A plastic bin with ribbons inside. Clear plastic, blue lid. Half full. Inauspicious. Just one of the lingering items to be sorted and put away after our new mattress was delivered.
But ribbons always make me think of Barb. For some reason that is simultaneously unclear and perfectly logical, when I see narrow satin ribbon, I always think of Barb.
Purple ribbons would seem most appropriate, as Barb lost her battle with pancreatic cancer a little over a year ago, but it's the blue ones on spools that hit me the hardest in the spring, along with red and green at Christmas time.
I had a little meltdown over those ribbons at Christmas last year, thinking of Barb's family and the hole in their hearts and their celebration. As a counselor, I'd taught my kids about triggers - simple little sights or sounds or smells that don't just cause us to remember, but send a whole host of emotion crashing down on top of us, leaving us at once vulnerable and questioning our own sanity. I wanted my kids to know this was normal - that they weren't going crazy - and that the memories that came back in a flood were something to be treasured - a way of holding on to the person we had lost.
I told myself all of these things when the ribbons triggered the deluge...and again when I got the beautiful Christmas card from Barb's son - with a letter enclosed that would have made her burst with pride. I wanted to write back and tell him these things - just as I want to tell her husband that I miss her, too - but words fail me. All of the counseling and writing skills in the world still leave me at a loss for what to say.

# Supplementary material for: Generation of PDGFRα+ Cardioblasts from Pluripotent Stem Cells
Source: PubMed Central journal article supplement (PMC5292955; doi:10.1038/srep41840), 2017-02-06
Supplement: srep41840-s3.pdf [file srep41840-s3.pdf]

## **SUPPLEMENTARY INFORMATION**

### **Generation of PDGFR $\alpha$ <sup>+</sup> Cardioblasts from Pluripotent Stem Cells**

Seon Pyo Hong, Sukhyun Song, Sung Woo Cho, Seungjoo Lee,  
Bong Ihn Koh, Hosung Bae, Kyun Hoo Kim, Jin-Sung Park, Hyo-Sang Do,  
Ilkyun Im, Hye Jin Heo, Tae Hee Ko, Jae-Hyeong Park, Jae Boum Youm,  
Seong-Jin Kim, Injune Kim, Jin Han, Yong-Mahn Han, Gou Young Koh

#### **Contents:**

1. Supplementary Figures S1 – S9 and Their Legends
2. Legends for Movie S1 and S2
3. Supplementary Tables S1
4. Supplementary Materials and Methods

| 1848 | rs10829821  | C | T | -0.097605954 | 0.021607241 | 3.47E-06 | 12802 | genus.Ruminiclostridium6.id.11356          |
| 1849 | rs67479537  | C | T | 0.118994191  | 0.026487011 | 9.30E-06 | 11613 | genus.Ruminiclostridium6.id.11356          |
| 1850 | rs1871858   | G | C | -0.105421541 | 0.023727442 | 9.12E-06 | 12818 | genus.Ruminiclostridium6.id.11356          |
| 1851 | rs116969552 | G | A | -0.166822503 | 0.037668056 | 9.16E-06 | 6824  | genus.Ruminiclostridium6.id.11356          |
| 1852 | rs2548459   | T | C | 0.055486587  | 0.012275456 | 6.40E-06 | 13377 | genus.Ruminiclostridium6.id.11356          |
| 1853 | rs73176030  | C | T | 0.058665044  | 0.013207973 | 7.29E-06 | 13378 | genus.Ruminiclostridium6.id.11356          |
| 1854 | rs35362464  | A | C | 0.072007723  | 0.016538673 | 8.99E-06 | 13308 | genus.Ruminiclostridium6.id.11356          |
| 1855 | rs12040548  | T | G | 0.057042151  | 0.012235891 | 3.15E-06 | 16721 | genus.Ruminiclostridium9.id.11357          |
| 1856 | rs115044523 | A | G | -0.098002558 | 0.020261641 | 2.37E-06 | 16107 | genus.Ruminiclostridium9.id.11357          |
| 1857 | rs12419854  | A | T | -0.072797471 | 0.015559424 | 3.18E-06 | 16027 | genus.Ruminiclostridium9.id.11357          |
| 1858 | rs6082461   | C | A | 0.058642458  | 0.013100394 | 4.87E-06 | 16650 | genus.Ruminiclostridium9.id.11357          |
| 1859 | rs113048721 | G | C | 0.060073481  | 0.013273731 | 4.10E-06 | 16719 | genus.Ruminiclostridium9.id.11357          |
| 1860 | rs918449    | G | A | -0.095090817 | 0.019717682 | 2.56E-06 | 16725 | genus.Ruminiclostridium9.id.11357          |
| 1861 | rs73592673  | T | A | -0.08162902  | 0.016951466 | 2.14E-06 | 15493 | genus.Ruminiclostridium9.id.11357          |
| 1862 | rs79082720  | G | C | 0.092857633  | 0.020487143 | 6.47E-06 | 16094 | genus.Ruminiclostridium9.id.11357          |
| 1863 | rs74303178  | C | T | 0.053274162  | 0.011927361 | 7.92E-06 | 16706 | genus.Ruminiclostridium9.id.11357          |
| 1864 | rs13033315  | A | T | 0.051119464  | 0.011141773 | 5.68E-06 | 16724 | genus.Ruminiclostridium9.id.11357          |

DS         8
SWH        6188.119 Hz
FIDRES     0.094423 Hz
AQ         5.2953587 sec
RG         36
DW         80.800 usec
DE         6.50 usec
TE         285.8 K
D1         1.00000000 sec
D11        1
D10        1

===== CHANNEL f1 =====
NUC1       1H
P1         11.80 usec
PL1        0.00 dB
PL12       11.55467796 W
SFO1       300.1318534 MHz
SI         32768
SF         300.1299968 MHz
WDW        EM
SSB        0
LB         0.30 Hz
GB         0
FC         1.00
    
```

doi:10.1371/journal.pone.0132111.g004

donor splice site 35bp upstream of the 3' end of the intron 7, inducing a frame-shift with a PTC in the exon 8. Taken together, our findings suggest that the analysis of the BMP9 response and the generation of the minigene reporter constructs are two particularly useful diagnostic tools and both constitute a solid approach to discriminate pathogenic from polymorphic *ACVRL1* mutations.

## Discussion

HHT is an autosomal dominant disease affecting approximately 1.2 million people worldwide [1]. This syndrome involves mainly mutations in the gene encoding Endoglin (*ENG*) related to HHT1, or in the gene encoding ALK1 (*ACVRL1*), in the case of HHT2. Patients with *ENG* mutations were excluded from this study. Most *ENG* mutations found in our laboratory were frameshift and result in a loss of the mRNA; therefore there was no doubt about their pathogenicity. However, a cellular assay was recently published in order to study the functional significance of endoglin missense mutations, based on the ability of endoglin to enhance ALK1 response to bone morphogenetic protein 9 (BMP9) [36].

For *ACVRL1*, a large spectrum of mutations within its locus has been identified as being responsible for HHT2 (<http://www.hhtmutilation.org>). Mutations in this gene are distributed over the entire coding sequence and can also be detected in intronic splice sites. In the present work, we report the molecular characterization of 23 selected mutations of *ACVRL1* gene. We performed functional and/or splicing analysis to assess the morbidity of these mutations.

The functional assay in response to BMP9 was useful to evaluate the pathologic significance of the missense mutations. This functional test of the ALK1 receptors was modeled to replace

Who am I to tell them these things? How can my sorrow begin to compare to theirs?
And so I say nothing. And although I know that silence is worse, that sitting here crying over ribbons by myself is silly and pointless, I can't bring myself to start the conversation.
What if my timing is all wrong? I do have a knack for saying the right thing at the wrong time. What if today is a good day, and the thing I say is the thing that splits open the crack that's been so carefully repaired? The only thing worse than saying nothing is saying the wrong thing.
And so I maintain my silence, playing Words With Friends with Barb's husband and replying to Facebook posts from her son, hoping they don't mistake my lack of courage for a lack of compassion, because once you've had a loss that rocks your world, you're profoundly aware of how easy it is to say the wrong thing. To split open the cracks and send pain, once neatly contained, gushing forth. No one wants to be responsible for that.
And so I wind ribbons around spools and remember her smile, our chats, her laugh, her wisdom. I pray for her family, especially at the holidays and in the spring, near her birthday, even though it's snowing outside.
And I write a blog that I now know is the letter I need to send, the words I've wanted to say.
But better late than not at all.